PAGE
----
Most people think that designing successful high speed analog circuits requires a mixture of magic, skill and lots of hard work. While this might be true, in reality it also requires a large dose of collaboration among each of the members of the design, tool and fabrication panoply. This point was recently made abundantly clear at the TSMC Open Innovation Platform (OIP) Forum held in Santa Clara on September 13[SUP]th[/SUP]. Indeed, the entire OIP ecosystem was established by TSMC to encourage this kind of collaboration. Over the years it has enabled significant advances in electronic product design and delivery.
Silicon Creations, a leading analog IP vendor, presented a paper this year at the OIP forum on their work with Mentor and TSMC in creating first time silicon success with PLL, SerDes and oscillator designs. The interesting part of this is that the technology they were working at is TSMC’s 7nm node. All of the difficulties of high speed analog design are amplified when working at 7nm. Because of the significant area and power advantages for digital designs, there is a compelling need for the supporting analog IP to enable completed chips.
In the paper presented by Randy Caplan, executive VP of Silicon Creations, and Mick Tegethoff, Director at Mentor, they provided an overview of the difficulties in design, modeling and simulation that the three companies faced and overcame to achieve working silicon. Silicon Creations provided the design development. TSMC provided silicon accurate models for the 7nm process. Mentor enabled the design flow with their Analog FastSPICE Platform. Mentor’s Calibre DRC/LVS/XACT-3D and PERC were used in the flow as well.
Silicon Creations has provided over 200 AMS IP designs since they were founded in 2006. These designs range from 350nm down to 7nm. This includes 170 different PLL designs. They have 9 PLL’s and oscillators on TSMC 7FF. They are on over 300 chips in production at TSMC. PLL’s turn out to be one of the highest volume analog IP’s. With over one billion instances, their PLLTS28HPMFRAC is used on 93 different production chips.
Silicon Creation’s SerDes range from <100Mbps to 20Gps, with very wide tuning ranges (up to 16:1) and random jitter less than 0.5ps RMS. The standards they support include PCIe, 10GKR, XAUI, SATA, V-by-1 HS, FastLVDS, CameraLink, FPDLink, RapidIO, OIF-CEI, JESD204, CPRI and semi-custom links. However, going to 7nm presents some new challenges.
Since 180nm, the number of GDS layers has increased by 5X. DRM size, a good indicator of process complexity, has grown 15X larger than it was for 35nm. With more rules and increasingly complex fill geometries, 7nm FinFET DRC runtimes have grown ~50X longer. In short the presenters assert that 7nm is quite complex and can be quite expensive.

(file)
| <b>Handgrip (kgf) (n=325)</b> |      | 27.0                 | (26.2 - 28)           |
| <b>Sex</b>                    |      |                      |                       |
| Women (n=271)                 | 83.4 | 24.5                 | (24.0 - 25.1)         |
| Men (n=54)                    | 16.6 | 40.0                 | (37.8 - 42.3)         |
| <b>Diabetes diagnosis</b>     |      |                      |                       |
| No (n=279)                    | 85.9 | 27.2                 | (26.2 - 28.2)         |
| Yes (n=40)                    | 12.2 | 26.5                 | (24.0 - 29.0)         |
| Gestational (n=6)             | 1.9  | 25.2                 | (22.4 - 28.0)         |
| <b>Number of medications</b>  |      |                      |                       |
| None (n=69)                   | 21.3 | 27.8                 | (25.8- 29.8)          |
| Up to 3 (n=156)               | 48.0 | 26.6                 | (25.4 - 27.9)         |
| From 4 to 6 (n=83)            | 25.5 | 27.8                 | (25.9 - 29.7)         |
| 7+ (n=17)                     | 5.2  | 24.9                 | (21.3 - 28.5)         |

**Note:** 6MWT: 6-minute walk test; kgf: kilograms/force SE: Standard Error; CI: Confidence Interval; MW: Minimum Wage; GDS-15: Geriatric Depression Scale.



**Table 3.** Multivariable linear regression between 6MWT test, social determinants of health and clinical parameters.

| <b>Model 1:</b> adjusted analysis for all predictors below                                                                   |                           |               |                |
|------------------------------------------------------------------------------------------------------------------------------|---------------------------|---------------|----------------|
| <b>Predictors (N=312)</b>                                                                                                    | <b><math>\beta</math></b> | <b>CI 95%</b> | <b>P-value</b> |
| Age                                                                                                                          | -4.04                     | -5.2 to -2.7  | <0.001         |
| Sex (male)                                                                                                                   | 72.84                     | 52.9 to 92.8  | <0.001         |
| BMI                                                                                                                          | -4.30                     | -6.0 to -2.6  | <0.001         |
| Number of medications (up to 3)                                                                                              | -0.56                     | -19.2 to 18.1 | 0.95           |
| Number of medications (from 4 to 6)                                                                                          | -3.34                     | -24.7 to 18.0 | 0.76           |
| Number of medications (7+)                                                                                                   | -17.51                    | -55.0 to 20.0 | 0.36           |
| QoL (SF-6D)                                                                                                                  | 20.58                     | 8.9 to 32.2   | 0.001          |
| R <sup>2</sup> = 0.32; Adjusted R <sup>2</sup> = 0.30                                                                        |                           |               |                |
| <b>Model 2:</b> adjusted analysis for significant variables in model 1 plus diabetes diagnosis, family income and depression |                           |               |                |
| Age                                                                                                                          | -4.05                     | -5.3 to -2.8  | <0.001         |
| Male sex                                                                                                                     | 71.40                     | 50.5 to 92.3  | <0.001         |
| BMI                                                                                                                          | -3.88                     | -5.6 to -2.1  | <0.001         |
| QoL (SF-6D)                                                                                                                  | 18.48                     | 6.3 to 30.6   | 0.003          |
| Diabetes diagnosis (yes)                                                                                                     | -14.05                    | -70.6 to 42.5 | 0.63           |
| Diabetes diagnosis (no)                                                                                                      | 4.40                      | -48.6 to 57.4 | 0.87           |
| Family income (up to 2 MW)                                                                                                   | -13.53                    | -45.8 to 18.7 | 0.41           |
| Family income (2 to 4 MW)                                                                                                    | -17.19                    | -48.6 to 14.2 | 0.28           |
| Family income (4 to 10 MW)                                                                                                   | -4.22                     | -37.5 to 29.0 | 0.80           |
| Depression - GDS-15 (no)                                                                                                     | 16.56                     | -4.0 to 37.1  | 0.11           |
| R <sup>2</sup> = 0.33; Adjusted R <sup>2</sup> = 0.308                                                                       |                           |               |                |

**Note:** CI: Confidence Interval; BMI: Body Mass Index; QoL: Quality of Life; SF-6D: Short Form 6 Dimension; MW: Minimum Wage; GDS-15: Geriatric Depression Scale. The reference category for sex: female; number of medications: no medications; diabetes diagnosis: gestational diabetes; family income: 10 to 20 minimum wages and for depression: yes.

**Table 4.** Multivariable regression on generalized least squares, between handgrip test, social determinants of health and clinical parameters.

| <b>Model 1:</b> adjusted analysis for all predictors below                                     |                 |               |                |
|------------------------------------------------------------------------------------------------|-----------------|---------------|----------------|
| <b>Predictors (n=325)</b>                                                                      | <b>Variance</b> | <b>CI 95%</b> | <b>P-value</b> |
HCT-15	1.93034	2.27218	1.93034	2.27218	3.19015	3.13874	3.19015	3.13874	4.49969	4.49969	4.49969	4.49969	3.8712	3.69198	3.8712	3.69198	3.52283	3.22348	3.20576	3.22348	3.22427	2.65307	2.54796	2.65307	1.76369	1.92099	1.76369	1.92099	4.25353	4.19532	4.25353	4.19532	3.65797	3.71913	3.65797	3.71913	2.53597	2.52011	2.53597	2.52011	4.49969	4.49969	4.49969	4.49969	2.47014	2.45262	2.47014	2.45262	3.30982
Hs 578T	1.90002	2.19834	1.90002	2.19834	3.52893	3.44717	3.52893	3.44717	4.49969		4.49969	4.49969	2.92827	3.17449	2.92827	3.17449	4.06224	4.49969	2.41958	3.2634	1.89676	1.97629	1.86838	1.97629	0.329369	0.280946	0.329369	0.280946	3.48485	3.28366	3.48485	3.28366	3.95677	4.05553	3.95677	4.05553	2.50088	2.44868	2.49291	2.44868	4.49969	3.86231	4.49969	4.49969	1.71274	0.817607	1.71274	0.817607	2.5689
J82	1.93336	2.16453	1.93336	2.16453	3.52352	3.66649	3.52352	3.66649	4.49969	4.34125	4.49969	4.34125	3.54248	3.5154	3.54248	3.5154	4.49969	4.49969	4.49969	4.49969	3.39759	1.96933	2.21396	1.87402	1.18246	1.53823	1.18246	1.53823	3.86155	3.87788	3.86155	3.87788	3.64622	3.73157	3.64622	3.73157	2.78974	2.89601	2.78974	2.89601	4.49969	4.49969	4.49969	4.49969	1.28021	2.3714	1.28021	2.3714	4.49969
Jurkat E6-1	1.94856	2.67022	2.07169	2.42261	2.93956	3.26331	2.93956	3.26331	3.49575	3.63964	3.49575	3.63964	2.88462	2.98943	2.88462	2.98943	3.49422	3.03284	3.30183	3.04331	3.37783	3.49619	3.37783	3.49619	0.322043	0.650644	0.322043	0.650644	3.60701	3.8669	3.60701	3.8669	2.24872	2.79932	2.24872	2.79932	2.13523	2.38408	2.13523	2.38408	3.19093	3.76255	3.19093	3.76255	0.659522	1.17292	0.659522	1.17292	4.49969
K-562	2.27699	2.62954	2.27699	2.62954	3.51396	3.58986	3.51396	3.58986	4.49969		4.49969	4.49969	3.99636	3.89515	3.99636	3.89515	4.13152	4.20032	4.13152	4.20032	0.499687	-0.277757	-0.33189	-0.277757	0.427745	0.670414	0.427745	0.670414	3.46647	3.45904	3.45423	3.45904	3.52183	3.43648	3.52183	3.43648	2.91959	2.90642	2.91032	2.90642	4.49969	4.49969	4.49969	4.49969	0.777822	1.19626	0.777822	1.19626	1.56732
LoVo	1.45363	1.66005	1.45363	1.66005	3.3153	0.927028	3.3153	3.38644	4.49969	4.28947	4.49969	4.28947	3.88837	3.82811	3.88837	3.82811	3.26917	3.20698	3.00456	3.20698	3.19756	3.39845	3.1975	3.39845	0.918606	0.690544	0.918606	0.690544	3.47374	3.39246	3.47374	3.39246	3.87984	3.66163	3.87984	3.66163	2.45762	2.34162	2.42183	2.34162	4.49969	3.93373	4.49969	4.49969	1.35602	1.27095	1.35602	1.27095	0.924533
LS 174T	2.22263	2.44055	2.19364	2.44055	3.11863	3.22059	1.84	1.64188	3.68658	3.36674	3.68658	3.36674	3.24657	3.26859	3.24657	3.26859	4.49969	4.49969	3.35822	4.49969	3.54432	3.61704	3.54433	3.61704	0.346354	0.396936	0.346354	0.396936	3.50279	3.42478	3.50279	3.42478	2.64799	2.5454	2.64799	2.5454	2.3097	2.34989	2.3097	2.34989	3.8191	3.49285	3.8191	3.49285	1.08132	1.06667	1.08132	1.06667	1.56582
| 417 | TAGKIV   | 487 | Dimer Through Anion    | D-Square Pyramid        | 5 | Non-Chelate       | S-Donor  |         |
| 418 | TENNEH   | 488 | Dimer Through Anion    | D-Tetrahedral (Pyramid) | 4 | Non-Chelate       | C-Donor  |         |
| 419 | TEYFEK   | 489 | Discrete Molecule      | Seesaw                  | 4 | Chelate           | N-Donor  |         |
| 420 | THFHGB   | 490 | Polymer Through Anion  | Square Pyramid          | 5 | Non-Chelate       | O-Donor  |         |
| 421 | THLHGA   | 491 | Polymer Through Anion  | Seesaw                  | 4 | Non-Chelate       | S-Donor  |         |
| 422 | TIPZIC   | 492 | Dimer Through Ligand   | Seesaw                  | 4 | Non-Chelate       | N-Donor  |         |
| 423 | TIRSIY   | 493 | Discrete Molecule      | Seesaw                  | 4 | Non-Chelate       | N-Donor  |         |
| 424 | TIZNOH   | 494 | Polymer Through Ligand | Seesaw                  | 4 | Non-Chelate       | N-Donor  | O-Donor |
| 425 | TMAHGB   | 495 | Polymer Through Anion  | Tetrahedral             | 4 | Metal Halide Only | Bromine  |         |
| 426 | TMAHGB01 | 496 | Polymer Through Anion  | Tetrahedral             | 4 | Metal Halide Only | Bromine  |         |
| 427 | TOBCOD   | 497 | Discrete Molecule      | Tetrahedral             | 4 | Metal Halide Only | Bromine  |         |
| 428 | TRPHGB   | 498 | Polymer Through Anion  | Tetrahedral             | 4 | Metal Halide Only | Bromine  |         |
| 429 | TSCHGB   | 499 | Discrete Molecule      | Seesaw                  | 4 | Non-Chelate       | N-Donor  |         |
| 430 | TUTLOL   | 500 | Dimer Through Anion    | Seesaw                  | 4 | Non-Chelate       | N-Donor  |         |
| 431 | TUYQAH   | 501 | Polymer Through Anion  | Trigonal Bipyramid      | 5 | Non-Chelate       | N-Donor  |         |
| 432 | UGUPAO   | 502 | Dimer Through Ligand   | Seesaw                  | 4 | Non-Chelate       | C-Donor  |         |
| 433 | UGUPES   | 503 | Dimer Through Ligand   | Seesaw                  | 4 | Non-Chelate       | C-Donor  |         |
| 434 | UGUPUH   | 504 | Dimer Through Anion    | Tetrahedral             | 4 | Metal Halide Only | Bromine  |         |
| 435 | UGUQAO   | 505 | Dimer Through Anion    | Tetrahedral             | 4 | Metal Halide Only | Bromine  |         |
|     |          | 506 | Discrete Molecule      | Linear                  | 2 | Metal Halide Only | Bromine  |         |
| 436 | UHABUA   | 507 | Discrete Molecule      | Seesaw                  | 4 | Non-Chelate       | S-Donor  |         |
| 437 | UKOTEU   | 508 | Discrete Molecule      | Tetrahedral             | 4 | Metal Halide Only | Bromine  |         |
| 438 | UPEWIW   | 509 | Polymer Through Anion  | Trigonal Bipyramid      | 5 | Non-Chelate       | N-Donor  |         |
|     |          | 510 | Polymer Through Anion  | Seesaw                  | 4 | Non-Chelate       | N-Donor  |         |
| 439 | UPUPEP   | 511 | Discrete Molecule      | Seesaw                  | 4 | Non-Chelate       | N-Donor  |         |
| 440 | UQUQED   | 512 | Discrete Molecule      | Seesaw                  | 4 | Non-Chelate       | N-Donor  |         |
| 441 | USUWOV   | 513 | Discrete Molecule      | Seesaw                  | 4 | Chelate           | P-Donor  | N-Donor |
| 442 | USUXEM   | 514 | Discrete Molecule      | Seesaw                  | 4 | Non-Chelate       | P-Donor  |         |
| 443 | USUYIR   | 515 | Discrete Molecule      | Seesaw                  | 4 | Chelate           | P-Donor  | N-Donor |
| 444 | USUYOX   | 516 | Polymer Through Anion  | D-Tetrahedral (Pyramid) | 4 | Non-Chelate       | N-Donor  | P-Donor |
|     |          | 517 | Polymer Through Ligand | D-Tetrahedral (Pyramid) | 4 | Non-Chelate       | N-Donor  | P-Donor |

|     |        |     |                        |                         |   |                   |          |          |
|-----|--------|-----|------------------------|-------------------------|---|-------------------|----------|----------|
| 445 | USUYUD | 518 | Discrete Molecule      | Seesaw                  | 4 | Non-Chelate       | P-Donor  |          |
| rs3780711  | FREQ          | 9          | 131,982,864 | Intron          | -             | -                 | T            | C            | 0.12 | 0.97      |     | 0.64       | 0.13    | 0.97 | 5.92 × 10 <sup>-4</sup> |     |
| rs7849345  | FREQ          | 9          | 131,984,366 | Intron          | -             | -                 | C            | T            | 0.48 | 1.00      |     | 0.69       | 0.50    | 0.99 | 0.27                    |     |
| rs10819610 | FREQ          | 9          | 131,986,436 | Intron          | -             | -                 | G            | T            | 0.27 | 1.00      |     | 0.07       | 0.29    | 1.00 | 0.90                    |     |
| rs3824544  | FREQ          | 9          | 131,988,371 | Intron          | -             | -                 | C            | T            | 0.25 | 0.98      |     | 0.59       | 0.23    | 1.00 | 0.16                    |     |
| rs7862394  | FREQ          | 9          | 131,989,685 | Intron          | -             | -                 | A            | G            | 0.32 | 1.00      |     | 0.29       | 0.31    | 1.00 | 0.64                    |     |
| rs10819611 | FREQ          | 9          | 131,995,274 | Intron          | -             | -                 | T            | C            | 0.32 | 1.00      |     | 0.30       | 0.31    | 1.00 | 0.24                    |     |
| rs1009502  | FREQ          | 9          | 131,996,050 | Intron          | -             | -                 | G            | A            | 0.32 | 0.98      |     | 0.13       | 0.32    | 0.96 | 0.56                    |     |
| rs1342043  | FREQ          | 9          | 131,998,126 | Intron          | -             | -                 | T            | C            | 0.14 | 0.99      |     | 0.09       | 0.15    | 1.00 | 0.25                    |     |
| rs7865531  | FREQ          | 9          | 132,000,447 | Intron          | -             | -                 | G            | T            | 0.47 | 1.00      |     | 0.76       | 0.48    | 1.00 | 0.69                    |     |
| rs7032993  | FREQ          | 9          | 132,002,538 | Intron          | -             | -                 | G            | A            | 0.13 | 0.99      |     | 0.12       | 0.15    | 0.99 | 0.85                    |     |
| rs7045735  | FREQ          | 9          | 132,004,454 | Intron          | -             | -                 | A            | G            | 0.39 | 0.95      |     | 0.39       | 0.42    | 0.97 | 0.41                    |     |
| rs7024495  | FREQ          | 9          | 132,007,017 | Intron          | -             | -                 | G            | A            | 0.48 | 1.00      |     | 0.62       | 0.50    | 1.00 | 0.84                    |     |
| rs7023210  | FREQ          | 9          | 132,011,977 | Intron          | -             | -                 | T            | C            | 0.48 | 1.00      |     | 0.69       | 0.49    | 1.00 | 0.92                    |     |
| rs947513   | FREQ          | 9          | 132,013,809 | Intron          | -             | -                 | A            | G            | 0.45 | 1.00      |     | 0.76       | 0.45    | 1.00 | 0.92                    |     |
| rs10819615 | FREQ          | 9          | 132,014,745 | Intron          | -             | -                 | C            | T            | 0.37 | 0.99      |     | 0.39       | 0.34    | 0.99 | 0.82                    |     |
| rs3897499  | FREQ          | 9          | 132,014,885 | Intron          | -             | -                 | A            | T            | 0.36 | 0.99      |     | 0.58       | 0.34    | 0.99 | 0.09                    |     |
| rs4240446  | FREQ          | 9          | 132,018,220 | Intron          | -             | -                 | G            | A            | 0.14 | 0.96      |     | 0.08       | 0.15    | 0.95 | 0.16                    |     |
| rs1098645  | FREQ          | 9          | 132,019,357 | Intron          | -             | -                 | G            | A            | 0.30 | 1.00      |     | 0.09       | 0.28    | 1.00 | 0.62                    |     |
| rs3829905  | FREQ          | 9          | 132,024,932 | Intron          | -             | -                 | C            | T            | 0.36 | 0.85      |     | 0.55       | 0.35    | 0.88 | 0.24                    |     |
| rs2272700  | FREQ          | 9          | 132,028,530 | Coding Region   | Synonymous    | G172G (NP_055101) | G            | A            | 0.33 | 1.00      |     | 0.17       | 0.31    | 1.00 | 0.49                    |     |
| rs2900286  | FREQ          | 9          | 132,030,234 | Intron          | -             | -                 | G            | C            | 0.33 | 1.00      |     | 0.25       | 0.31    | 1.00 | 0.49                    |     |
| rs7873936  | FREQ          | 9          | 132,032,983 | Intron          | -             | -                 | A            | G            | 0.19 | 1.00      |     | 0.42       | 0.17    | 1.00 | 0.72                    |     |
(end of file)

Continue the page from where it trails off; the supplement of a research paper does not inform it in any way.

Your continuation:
Interconnect resistance is not just an issue for digital design. In analog designs at 7nm, wire resistance has a dramatic effect on performance. Consequently, extraction and simulation have become more complex, time consuming and critical. And, it turns out that there are more challenges for SPICE simulation of analog designs at 7nm.
Traditional SPICE simulators are stressed by the demands resulting from more parastics and the need for more detailed modeling that includes variation, and device noise, among other things. Dynamic range must increase to over 100db. Simulations need to be run over long time intervals that capture PLL locking. And, driven circuitry needs to be included in runs to ensure proper system operation.
For their purposes Mentor’s AFS work extremely well. They were able to run simulations that predicted transient noise within 1-2db of silicon measurement data. They ran full spectrum periodic noise analysis that included all device noise sidebands and harmonics. This was using over 100K elements and they achieved PSS convergence. They also performed full spectrum oscillator noise analysis that included phase and amplitude noise.
The presentation had a raft of data showing that over every performance metric that the analysis was extremely close to the measured silicon. And, most importantly the simulation coverage and runtimes were feasible for performing full design verification in a timely fashion. Speeding up the verification flow means more confidence at tape out and a higher likelihood of first silicon success, which was borne out by the results achieved after silicon came back from TSMC for all the designs run on their 7FF process. For a more detailed look at the specifics of this verification flow, refer to the white paper on the Silicon Creations’ web site.